Nonetheless, the heritage rewards of fondly preserving a site named by Historic England as one of the seven wonders of the English seaside, not to mention the acclaim and excitement of a local community which has flocked there in droves, have made the outcomes of the Saltdean Lido Community Interest Company’s seven-year fight worthwhile.

Lidos_saltdean_embed
Saltdean in its heyday. Image: Getty

Saltdean’s history in many ways bucks the trend of the national decline of the lido movement in the 1960s and 1970s. It closed in 1940 due to the war, and didn’t reopen until 1964. But it was well loved and used after that through until the early 1990s, after which it was taken over by a local property mogul.

Local campaigners battled to oust the would-be housing developer from ownership of the lido, then raised cash from the Coastal Communities Fund, the Heritage Lottery Fund and the People’s Millions to finance a restoration, before overseeing the painstaking work themselves as the pool was finally returned to its original 1930s configuration. Their crusade isn’t yet complete, as they now push on towards restoring the beautiful crescent-shaped main building that gives Saltdean Lido such a distinctive appearance.

Lido_Clifton_embed
Clifton reopened in 2008

“It is a stunning-looking pool,” Horrox enthuses, of the part of the project they have managed to complete so far. “It’s a really deep blue, a proper azure blue. I and a couple of my colleagues managed to have a quick dip before we opened it, just for ourselves, and it was one of the nicest swims I’ve ever had.”

If you ever drop by Saltdean Lido for a few lengths, clear your diary first. “With a lido, it’s meant to be a whole leisure experience – you don’t just go there for a swim,” Horrox explains. “You go there for the day or for half a day, and you chill out with your family and friends and you dip in and out of the pool and you have a picnic or whatever. It’s about outdoor living,” she insists. “It’s about a whole way of life.”

Image: Thames Lido, Andre Pattenden

Support the Big Issue

For over 30 years, the Big Issue has been committed to ending poverty in the UK. In 2024, our work is needed more than ever. Find out how you can support the Big Issue today.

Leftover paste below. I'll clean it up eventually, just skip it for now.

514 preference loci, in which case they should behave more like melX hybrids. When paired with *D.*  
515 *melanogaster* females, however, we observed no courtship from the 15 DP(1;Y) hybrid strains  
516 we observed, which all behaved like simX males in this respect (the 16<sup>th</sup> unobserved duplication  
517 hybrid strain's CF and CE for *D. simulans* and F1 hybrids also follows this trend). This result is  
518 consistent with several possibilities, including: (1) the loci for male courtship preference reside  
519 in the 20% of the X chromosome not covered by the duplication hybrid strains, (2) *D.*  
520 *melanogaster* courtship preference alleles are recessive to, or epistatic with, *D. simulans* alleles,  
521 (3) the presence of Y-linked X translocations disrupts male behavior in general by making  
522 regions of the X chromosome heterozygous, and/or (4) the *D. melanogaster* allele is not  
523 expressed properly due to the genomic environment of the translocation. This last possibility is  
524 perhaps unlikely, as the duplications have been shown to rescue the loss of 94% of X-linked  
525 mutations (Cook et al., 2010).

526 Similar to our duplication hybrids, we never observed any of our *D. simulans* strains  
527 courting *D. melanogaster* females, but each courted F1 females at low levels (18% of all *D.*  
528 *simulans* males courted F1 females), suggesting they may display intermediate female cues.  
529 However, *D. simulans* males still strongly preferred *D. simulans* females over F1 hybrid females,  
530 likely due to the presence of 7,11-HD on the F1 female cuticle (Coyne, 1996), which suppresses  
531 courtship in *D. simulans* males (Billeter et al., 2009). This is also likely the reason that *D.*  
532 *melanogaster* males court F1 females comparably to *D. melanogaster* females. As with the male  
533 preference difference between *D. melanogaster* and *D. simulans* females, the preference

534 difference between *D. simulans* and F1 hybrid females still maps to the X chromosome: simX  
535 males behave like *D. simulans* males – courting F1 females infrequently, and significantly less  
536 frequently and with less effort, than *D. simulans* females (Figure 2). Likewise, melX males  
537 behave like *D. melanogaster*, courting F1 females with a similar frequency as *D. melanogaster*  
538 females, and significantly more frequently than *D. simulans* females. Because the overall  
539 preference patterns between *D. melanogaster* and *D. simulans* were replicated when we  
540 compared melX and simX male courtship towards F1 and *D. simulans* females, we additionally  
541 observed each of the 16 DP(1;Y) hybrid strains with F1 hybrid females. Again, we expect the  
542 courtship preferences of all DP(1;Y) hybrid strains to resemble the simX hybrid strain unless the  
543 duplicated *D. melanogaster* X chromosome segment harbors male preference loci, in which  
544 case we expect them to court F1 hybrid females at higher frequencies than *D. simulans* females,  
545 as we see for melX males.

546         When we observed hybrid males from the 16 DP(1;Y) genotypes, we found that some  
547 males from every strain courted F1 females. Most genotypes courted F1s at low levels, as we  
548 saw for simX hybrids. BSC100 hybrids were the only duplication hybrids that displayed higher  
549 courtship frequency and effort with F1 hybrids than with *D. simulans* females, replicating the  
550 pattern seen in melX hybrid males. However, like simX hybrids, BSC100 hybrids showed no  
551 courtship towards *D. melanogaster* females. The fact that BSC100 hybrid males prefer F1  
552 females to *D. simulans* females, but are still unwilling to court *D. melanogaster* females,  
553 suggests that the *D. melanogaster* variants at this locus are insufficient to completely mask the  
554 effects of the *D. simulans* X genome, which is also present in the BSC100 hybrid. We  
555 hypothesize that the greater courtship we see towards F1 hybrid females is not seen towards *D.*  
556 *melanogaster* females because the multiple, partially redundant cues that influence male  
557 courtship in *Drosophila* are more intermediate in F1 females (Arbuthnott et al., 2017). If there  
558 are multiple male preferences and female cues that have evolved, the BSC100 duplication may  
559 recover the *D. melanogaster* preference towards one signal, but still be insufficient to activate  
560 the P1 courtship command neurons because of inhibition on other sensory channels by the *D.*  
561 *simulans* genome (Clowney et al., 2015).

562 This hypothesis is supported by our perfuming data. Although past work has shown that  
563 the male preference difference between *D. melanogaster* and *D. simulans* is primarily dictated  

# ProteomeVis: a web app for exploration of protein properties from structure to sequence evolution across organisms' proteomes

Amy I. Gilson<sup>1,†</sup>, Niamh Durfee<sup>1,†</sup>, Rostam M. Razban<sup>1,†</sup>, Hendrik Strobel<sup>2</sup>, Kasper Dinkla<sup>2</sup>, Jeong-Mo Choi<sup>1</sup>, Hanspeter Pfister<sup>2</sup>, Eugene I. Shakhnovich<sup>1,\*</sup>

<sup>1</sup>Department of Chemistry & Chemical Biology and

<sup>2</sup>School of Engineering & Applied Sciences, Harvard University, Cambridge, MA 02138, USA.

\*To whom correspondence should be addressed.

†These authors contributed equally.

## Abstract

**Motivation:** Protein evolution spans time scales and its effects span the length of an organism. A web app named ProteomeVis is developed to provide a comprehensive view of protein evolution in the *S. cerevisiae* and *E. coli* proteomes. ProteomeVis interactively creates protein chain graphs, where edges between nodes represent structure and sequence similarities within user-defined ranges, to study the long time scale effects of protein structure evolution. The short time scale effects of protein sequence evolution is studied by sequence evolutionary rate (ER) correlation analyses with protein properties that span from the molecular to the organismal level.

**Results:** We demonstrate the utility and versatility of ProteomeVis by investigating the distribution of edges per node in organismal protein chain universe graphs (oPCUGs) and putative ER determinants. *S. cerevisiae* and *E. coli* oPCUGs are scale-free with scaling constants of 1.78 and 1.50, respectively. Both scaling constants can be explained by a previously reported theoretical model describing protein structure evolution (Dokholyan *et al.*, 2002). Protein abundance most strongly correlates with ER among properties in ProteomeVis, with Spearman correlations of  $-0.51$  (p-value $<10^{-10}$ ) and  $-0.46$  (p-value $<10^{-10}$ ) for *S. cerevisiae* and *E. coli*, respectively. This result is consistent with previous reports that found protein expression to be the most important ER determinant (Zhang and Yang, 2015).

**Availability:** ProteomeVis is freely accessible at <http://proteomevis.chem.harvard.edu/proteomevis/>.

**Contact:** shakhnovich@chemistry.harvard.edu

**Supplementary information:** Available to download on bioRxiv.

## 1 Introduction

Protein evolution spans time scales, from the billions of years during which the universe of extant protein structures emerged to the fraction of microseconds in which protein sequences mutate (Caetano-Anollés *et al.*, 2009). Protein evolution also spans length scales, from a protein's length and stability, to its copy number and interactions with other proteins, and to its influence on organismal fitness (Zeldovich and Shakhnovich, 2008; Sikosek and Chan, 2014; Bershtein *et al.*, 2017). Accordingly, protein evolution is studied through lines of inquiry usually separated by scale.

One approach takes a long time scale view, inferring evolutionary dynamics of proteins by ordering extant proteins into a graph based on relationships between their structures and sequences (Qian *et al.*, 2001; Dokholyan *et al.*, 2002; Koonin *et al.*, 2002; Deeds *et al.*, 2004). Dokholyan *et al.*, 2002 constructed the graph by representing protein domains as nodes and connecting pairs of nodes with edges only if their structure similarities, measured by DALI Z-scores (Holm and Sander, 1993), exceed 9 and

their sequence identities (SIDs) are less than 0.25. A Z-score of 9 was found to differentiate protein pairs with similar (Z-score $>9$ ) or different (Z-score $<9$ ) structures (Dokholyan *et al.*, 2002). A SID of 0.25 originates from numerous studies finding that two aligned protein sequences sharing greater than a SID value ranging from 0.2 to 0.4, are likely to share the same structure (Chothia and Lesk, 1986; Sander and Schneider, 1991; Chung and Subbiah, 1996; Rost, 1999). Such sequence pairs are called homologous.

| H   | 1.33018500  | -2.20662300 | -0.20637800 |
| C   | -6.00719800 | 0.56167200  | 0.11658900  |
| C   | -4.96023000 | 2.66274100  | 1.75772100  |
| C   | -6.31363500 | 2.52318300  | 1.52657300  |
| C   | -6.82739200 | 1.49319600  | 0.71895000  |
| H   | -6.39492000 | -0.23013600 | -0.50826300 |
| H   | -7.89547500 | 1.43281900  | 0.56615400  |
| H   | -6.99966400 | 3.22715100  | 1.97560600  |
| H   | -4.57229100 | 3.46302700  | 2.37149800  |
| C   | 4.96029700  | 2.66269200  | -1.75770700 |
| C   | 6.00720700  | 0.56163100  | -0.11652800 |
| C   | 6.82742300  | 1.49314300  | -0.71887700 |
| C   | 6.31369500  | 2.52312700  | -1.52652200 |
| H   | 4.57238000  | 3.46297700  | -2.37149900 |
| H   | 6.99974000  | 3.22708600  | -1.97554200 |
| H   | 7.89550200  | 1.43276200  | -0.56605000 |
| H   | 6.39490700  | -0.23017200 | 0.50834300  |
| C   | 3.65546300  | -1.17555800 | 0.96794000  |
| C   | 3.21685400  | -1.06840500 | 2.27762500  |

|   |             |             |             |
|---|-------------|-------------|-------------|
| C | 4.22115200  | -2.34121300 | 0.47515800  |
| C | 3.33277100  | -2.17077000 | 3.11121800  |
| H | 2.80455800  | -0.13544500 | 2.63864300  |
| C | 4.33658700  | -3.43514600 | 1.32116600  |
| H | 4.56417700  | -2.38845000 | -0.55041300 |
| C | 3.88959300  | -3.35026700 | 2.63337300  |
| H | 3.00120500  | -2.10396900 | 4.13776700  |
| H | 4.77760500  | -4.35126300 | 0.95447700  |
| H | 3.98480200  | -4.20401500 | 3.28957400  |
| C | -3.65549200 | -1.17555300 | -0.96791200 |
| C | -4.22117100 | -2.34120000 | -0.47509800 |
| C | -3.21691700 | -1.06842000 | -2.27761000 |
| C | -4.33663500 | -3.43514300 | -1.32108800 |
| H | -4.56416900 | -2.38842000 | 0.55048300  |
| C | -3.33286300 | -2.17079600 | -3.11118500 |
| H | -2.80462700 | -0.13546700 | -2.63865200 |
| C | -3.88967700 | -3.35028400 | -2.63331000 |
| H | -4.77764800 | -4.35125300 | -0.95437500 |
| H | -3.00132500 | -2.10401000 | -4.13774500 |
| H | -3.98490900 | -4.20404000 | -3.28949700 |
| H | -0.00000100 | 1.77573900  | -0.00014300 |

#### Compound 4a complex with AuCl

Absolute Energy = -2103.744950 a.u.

Vendor martin Hawes

Recommended for you

View all
FOSO is the new FOMO: Why are we so afraid to switch off and be out of office?
Work

FOSO is the new FOMO: Why are we so afraid to switch off and be out of office?

Almost no recorded cases of disability benefit fraud despite DWP crackdown: 'PIP fraud is a non-issue'
dwp pip/ disabled person
Disability benefits

Almost no recorded cases of disability benefit fraud despite DWP crackdown: 'PIP fraud is a non-issue'

Deaf man awarded £50,000 after 'oppressive' and 'discriminatory' treatment by DWP
dwp jobcentre
Department for Work and Pensions

Deaf man awarded £50,000 after 'oppressive' and 'discriminatory' treatment by DWP

Green transition: Help retrain gas workers or risk 'cliff edge' job losses, government warned
Green transition

Green transition: Help retrain gas workers or risk 'cliff edge' job losses, government warned

Most Popular

Read All
Renters pay their landlords' buy-to-let mortgages, so they should get a share of the profits
Renters: A mortgage lender's window advertising buy-to-let products
1.

Renters pay their landlords' buy-to-let mortgages, so they should get a share of the profits

Exclusive: Disabled people are 'set up to fail' by the DWP in target-driven disability benefits system, whistleblowers reveal
Pound coins on a piece of paper with disability living allowancve
2.

Exclusive: Disabled people are 'set up to fail' by the DWP in target-driven disability benefits system, whistleblowers reveal

Cost of living payment 2024: Where to get help now the scheme is over
next dwp cost of living payment 2023
3.

Cost of living payment 2024: Where to get help now the scheme is over

Strike dates 2023: From train drivers to NHS doctors, here are the dates to know
4.

Strike dates 2023: From train drivers to NHS doctors, here are the dates to know